When Lateefah Simon's husband, Kevin Weston, was diagnosed with a rare and aggressive type of leukemia last year, she learned that his best chance for survival hinged on a bone marrow transplant that would replenish his body with new, healthy blood stem cells. Yet finding the right match can be tricky: The ideal donors are often people with an ethnic background similar to the recipient's, but Weston's half-siblings were less-than-optimal matches, and African Americans account for just 7 percent of donors in the National Marrow Donor Program's registry (bethematch.org). Miraculously, two matches did turn up, but as luck would have it, neither donor was available for a transplant.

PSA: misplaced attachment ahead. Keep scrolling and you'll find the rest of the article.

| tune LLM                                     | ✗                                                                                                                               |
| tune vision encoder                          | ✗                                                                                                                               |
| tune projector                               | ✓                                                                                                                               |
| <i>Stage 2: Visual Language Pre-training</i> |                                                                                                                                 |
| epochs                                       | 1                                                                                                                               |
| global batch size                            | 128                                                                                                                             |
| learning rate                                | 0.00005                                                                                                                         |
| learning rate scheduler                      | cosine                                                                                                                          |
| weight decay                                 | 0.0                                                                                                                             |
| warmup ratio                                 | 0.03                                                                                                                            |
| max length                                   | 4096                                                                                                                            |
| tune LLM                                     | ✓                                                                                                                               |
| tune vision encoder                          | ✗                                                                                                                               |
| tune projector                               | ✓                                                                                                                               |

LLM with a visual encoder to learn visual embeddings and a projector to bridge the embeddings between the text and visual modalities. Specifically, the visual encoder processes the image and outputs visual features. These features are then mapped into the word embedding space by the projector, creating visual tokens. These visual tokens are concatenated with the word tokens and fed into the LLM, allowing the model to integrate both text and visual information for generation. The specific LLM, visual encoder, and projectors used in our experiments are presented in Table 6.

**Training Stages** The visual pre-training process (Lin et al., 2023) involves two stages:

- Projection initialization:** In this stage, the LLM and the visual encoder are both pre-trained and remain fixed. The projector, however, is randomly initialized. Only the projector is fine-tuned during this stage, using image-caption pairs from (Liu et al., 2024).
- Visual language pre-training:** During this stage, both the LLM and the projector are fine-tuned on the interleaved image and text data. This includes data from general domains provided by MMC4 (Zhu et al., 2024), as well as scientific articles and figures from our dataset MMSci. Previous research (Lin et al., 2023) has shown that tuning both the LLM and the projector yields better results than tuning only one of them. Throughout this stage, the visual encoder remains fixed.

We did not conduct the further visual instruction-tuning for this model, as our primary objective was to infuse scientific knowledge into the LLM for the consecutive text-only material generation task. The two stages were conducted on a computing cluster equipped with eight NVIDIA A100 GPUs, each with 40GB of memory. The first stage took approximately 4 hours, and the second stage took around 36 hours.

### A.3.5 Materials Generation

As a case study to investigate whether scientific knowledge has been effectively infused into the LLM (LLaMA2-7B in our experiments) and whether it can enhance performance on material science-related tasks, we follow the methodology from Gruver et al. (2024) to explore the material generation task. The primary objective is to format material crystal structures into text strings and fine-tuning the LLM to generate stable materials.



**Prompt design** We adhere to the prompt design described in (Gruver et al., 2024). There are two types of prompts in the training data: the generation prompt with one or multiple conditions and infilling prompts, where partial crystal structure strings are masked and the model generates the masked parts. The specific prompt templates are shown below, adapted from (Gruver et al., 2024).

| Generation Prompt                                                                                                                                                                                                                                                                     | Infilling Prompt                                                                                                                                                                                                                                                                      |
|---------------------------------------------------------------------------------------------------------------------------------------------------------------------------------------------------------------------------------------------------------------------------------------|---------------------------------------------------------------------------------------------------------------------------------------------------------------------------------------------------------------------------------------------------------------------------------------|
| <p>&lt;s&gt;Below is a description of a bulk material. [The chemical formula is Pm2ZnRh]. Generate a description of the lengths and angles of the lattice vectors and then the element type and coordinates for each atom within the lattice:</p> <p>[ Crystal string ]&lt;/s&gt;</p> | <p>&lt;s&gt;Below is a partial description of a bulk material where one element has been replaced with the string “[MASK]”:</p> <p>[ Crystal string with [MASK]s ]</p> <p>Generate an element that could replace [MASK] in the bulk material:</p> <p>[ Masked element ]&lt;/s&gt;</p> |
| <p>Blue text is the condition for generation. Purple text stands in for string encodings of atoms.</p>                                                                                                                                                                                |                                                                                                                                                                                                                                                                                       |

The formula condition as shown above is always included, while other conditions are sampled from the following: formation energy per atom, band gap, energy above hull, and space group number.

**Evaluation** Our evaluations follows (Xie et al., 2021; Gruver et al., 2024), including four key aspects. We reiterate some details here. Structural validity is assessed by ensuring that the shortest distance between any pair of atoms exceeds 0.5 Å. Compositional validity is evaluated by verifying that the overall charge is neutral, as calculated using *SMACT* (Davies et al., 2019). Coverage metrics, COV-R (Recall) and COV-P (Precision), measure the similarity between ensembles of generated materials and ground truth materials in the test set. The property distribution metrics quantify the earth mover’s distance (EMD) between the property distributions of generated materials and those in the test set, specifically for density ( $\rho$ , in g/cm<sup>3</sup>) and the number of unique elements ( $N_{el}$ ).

Simon knew she had to do something to help save Kevin and others like him. (It wasn't the first time in her life she'd faced a daunting challenge. She'd worked her way out of poverty in San Francisco to run a nonprofit for at-risk young women, earning a MacArthur "genius" fellowship at the age of 26—and landing on O's Power List in 2009.) Since January she has organized 27 drives with the help of friends, registering roughly 1,600 potential donors, 91 percent of whom are black. (Joining is as easy as swabbing your mouth for DNA.) Though a match still hasn't materialized for Weston, doctors are now planning to use stem cells from donated umbilical cord blood, which can work as well as those from a full bone marrow match. But that hasn't stopped Simon's campaign—so far, three donors who signed up have been matched to people in need of transplants. Says Simon, "If someone you don't know can save your life, that's truly an amazing gift."

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